In the late winter of 2023, China drew the closest Russian attention. India was second, as the overall trends in regional conflicts—East Asia versus Europe—and prospects of the Greater Eurasian Partnership also were of interest. Writings on China and India largely served different purposes, the former reinforcing the mainstream position of Russia gaining support in the establishment of a new world and regional order, and the latter casting doubt on the impact of tightening ties with China on ties to India and on the goal of multipolarity in Asia. Analysis of China’s role in Central Asia also gave reason for caution. Despite the war atmosphere, debate on Asia had not ended.
East Asia versus Europe
Dmitry Strel’tsov in Rossiya v Global’noi Politike explains how conflicts in East Asia differ from those in Europe, noting the higher level of civilizational, ethnic, national-psychological heterogeneity. It is practically impossible to get consensus on norms and rules. Wariness of the West—including the legacy of colonialism and the Asian financial crisis—leads to support for creating institutions of regional integration without the West. Asian values can be the basis of regional integration, but a collective security system is difficult. Leaders look well back in history for their ideas and to win public support. “Patriotic” views of history lead to uncompromising approaches to problems. New identities, based in part on narratives of historical grievances, pose challenges. Countries in Southeast Asia cannot agree with China on a “code of conduct” in the South China Sea mainly due to distrust of the Asian giant. In South Korea, differences with China relate to objections to Korean independence in the period of a Sinocentric world. Russia and China have similar grievances against the collective West. Their interests overlap not regionally but in the global order.
On February 10, in Nezavisimaya Gazeta, Viktor Pirozhenko wrote about how the US is preparing for a likely military confrontation with China, noting the balloon shoot-down. Against this background, the collective West is scaring countries in the Asia-Pacific region with the “China threat” and catastrophic scenarios. The NATO general secretary in Japan warned that what is occurring in Europe today could occur in East Asia tomorrow, also pointing to control of the South China Sea. The US is seen in China as spreading out its military forces or operations, complicating strikes by the PLA. Note is taken of US forces in the eastern Philippines, as the first line of islands, including Okinawa, are no longer consider secure, but will retain mobile forces and intelligence. Missile defense in Guam is being modified. A new anti-Chinese “containment” may be putting new weapons on Japanese islands near Taiwan, perceived by Chinese military analysts as a serious threat to China, North Korea, and Russia. China promises a “strategic response,” which may mean intermediate ballistic missiles aimed at US bases in Japan. A movement for full US technological decoupling from China would allow it in case of a Taiwan crisis not to depend on supplies of critically important production from there, as part of supply chain reorganization. Mention is made of the trilateral US-Netherlands-Japan agreement to limit exports to China of items critical from microchip production. US moves do not change the superiority of China’s armed forces in the western Pacific or China’s ability to block supplies to US military bases. Since Washington is guided by a containment strategy to the PRC as to Russia, and Beijing has no plans to pull back from its sovereign development, Sino-US relations are headed for even greater confrontation was the heartening message to the public.
In MKRU on February 12, Iury Tavrovsky discussed the new model of the development of humanity proposed by China, which is challenging Biden and part of China’s counterattack. Xi Jinping now emphasizes the global significance of “Chinese modernization,” substituting that slogan for “socialism with Chinese characteristics, which is hard for foreigners to understand. Talk of a new model of development of humanity emerged in 2021 at the 100th anniversary of the CCP. This model’s limits then were noted, but now it is universal and contrasted sharply with the liberal, capitalist model. In decades China accomplished what took Western countries a century. Now two models of development are competing, as China’s achieves greater economic effectiveness and more social justice, Xi observed. Despite zero COVID, the early 2023 results show China’s economic growth accelerating at 5.2%, 5.7%, or even 6% for the year. More stress on social justice is occurring too. Superiority of “Chinese modernization,” that is the socialist model of development, is a challenge to the US with its “shining house on the hill.” Ideology is now a test of the Sino-US clash, making the dispute existential and global. The “Cold War” begun by the US, first against Russia, and then against China, is speeding up the breakup of the ongoing world order. The autonomy of the Russian and Chinese civilizations allows them not to fear loss of part of their sovereignty and to proceed to unprecedented closeness in the name of national security. Their “strategic partnership” gives synergy to their economies and military potential.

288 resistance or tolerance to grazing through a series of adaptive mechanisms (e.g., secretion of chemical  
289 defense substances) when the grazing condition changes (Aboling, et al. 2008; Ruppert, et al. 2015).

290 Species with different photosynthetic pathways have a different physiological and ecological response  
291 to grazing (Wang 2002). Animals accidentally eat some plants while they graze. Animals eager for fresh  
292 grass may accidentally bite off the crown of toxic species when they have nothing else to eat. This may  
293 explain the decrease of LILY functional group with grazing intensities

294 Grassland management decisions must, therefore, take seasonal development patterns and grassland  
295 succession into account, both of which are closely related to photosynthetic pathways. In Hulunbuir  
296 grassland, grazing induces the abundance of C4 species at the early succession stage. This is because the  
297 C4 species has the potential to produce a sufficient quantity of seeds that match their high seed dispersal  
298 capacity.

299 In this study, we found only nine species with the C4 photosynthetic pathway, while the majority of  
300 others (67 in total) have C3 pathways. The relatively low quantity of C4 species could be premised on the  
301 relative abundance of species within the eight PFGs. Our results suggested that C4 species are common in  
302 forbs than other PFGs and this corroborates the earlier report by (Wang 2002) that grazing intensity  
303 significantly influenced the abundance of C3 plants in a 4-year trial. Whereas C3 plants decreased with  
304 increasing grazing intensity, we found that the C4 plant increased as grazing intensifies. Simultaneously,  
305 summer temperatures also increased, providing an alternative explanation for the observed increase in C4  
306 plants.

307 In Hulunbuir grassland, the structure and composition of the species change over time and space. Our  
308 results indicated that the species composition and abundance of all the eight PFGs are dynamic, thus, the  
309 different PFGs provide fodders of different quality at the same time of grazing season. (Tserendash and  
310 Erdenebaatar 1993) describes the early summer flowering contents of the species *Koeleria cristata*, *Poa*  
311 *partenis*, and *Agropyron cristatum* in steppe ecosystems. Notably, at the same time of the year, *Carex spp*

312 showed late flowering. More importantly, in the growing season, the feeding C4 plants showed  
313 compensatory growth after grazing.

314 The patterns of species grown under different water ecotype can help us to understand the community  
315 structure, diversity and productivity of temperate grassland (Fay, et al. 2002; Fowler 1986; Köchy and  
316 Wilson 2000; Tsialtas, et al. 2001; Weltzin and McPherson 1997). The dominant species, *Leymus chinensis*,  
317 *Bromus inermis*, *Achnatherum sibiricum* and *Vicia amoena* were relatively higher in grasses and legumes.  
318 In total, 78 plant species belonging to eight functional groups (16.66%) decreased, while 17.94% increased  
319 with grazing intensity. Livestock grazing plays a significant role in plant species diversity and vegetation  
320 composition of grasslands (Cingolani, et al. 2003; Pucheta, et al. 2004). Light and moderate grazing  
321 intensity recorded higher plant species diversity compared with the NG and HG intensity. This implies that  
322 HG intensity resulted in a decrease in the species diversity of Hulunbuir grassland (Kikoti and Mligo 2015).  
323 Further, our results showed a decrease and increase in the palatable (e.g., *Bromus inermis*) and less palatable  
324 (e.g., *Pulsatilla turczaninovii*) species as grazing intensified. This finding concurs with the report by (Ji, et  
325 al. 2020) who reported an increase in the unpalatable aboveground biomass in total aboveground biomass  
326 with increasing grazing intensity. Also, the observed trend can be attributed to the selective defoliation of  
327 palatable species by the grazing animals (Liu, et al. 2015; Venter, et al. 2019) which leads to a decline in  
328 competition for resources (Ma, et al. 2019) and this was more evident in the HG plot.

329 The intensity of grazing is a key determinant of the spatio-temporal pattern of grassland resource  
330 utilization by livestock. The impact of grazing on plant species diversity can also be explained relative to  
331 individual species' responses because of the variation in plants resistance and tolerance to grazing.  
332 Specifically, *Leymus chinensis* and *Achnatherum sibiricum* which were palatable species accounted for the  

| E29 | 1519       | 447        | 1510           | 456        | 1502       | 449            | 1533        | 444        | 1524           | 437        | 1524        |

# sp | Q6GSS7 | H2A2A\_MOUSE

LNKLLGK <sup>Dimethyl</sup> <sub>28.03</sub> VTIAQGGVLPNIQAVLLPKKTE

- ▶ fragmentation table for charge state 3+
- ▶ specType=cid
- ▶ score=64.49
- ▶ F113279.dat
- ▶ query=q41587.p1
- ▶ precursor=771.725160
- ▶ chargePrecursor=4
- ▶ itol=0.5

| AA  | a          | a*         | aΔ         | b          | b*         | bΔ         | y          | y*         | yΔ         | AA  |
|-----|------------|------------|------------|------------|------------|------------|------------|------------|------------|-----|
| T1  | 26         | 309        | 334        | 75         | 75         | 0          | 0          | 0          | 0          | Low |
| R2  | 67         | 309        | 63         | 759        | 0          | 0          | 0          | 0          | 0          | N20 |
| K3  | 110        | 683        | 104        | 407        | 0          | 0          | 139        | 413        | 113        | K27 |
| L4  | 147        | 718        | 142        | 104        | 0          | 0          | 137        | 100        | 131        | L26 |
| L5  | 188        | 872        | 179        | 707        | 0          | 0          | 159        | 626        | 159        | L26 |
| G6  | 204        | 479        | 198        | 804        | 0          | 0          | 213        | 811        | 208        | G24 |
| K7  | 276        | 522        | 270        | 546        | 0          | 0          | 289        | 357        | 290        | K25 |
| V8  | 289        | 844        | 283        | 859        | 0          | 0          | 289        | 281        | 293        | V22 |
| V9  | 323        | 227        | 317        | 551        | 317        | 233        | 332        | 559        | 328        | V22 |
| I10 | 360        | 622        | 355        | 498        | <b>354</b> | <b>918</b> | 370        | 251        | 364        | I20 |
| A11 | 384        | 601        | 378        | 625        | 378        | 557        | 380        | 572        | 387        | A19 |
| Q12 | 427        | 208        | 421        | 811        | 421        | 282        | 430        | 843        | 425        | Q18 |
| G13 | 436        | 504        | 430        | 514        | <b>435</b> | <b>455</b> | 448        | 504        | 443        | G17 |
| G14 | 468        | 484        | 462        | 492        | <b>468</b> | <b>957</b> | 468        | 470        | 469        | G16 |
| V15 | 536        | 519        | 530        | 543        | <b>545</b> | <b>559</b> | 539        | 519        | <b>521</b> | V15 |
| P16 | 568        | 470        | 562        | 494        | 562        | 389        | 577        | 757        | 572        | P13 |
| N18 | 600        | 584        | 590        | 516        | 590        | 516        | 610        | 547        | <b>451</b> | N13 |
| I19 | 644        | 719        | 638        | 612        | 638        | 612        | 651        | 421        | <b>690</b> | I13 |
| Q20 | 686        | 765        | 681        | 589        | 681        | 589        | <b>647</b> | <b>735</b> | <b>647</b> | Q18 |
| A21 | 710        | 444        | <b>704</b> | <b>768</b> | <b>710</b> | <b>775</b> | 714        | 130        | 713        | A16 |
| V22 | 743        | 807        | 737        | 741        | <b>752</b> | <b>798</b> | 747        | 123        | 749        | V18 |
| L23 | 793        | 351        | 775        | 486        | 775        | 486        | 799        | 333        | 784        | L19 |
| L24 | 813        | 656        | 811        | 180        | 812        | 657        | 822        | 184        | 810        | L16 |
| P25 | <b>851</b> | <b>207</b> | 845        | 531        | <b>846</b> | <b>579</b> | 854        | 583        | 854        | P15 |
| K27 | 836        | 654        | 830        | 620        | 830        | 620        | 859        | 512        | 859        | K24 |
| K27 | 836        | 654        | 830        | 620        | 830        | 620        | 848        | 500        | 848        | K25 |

In MKRU on February 26, Tavrovsky asked what China’s aims are in proposing a plan to end the conflict in Ukraine, the first time China has taken an important initiative in the post-Soviet space. The maximally possible closeness of the positions of Moscow and Beijing on the Ukraine crisis was reflected in the February 24 published PRC initiative on managing it. This follows the new Chinese doctrine of “global security,” encompassing the whole world. The only thing sounding ambiguous was the observation about supporting sovereignty and territorial integrity. That clearly follows thinking about the battle against separatism in Taiwan. China’s plan for ending the conflict derives from its wish to strengthen its new global status. The conflict in Taiwan is analogous to that in Ukraine. Victory by the KMT in the 2024 presidential elections could extinguish the flickers of war in Taiwan, perhaps leading to conflict instead with the Philippines over islands in the South China Sea, as Washington and Manila agree to new bases and Marcos turns his country into a base of anti-Chinese activity. Moscow is fully satisfied with Beijing’s current position on Ukraine in words and deeds. Ordinary people or poorly informed experts at first hoped for direct military support. Its main form of support is to tie down US military resources over Taiwan and to compensate for the loss due to economic sanctions of the West. Without these types of support the situation for Russia would be much worse.